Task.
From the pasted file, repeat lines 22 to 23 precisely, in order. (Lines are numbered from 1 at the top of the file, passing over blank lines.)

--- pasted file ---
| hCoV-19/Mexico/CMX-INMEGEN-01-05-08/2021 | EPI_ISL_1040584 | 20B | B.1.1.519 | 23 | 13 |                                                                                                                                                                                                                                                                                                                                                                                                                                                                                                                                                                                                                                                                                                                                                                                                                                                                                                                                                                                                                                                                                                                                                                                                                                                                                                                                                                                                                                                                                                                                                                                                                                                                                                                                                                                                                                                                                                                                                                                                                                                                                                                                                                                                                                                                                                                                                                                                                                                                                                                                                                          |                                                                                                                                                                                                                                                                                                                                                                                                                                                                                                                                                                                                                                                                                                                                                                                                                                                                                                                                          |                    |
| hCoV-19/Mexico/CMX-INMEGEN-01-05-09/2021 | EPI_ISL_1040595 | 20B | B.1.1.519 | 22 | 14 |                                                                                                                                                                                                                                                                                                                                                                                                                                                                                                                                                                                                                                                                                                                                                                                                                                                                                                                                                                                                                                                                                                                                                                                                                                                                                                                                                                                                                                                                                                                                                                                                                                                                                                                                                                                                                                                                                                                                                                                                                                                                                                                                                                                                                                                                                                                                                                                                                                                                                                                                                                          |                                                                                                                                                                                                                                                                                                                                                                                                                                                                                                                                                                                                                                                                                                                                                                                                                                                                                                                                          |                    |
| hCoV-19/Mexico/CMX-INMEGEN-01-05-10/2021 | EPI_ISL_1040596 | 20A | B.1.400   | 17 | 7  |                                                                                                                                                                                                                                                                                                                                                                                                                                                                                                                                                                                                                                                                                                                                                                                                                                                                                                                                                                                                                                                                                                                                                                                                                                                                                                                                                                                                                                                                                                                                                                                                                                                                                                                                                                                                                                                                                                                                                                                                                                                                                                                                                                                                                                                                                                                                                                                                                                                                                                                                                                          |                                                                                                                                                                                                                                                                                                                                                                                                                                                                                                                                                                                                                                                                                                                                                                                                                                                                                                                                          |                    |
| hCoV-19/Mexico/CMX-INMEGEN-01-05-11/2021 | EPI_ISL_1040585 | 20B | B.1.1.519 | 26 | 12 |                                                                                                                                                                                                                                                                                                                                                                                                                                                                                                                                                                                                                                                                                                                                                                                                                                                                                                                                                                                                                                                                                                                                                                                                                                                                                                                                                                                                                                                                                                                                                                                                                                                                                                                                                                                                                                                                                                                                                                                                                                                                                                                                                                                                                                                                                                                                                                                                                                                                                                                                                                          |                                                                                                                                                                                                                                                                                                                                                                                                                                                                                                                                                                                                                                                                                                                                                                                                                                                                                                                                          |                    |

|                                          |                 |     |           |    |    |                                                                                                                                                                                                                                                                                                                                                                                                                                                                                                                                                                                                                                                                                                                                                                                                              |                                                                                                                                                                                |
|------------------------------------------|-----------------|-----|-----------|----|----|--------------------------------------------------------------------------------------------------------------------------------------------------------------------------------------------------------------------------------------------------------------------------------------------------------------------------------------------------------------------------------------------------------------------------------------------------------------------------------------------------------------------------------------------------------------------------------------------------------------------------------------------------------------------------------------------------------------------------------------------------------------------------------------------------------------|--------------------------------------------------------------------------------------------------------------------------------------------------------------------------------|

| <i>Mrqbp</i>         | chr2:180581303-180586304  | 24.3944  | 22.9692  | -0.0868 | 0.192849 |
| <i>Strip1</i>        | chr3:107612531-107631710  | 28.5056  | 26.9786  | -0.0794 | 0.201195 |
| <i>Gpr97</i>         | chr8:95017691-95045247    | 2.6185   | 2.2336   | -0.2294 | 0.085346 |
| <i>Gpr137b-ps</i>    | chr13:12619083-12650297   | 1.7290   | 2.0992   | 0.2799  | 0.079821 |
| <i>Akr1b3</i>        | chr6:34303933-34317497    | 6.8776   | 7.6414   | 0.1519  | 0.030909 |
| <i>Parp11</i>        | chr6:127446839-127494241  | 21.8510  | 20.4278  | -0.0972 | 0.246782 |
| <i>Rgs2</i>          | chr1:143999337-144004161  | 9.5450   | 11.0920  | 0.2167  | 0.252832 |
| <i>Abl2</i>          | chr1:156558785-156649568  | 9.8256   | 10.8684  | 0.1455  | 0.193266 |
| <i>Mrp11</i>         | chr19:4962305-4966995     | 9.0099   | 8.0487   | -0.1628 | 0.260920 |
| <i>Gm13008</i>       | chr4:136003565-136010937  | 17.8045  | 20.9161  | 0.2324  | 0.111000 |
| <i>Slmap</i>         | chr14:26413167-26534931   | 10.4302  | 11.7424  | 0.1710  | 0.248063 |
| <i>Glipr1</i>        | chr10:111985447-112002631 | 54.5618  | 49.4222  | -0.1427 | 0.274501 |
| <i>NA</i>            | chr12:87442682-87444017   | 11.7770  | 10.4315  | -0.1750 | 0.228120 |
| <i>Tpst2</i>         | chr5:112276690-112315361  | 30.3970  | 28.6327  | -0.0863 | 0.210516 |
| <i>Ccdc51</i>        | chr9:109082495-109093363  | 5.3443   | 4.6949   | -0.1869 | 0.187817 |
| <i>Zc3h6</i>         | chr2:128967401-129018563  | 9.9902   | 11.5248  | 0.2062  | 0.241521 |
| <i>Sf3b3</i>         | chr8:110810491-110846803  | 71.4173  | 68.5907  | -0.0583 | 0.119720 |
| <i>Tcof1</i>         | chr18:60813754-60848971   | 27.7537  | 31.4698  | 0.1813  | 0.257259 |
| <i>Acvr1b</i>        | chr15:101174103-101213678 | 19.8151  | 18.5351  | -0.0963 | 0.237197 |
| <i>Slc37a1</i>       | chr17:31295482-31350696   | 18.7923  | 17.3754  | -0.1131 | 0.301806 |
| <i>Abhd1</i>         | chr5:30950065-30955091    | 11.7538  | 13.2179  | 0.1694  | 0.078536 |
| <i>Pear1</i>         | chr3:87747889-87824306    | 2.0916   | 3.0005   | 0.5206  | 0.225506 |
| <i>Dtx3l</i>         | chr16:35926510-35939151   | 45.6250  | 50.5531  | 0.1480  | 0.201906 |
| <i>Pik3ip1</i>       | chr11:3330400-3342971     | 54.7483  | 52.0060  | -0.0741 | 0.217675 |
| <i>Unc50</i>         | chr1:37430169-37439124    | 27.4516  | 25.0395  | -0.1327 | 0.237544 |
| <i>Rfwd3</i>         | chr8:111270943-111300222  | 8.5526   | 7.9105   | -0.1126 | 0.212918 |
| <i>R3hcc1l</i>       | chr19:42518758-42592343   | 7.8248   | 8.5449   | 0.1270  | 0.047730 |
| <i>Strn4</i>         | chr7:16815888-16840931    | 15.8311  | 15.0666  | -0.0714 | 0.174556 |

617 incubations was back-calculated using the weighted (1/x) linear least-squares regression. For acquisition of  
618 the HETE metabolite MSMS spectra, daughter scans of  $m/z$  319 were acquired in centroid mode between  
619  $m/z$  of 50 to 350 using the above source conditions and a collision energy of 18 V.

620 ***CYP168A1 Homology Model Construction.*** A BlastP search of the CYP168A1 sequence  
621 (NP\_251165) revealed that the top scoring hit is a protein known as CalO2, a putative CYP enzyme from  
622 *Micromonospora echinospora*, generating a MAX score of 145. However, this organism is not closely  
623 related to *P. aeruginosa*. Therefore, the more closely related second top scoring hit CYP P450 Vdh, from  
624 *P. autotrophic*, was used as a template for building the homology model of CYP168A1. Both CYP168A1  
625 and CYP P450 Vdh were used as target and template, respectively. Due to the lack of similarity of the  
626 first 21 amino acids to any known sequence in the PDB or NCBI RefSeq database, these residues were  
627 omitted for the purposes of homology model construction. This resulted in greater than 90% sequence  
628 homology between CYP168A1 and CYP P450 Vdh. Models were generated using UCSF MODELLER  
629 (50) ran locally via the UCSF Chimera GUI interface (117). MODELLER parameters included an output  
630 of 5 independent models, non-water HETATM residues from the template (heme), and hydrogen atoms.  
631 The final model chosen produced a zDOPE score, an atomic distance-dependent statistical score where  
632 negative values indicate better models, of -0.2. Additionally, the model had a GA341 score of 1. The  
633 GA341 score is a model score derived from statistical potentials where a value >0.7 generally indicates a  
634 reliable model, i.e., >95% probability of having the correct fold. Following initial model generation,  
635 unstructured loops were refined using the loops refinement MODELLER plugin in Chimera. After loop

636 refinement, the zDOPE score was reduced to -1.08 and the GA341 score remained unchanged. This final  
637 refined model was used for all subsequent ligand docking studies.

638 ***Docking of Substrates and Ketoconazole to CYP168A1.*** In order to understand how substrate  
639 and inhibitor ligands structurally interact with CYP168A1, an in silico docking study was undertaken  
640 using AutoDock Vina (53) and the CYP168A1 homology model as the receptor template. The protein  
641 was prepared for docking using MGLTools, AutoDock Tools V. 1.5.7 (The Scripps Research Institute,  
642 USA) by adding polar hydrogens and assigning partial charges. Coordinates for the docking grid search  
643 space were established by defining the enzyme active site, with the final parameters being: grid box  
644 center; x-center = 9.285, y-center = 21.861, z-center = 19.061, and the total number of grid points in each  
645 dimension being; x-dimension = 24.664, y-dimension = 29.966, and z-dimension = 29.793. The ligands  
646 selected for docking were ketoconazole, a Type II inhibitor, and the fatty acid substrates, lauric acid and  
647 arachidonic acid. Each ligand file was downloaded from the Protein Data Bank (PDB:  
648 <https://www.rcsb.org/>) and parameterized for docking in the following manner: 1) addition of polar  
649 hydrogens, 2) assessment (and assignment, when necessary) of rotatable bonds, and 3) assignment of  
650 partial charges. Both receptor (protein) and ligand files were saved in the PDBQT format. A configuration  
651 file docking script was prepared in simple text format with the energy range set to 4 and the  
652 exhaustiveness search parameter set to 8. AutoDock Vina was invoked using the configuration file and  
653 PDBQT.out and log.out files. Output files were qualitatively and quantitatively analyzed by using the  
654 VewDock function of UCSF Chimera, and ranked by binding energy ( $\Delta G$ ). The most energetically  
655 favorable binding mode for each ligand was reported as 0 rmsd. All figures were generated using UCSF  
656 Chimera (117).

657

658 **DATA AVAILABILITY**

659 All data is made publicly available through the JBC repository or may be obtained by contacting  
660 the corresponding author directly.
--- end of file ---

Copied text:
| <i>Zc3h6</i>         | chr2:128967401-129018563  | 9.9902   | 11.5248  | 0.2062  | 0.241521 |
| <i>Sf3b3</i>         | chr8:110810491-110846803  | 71.4173  | 68.5907  | -0.0583 | 0.119720 |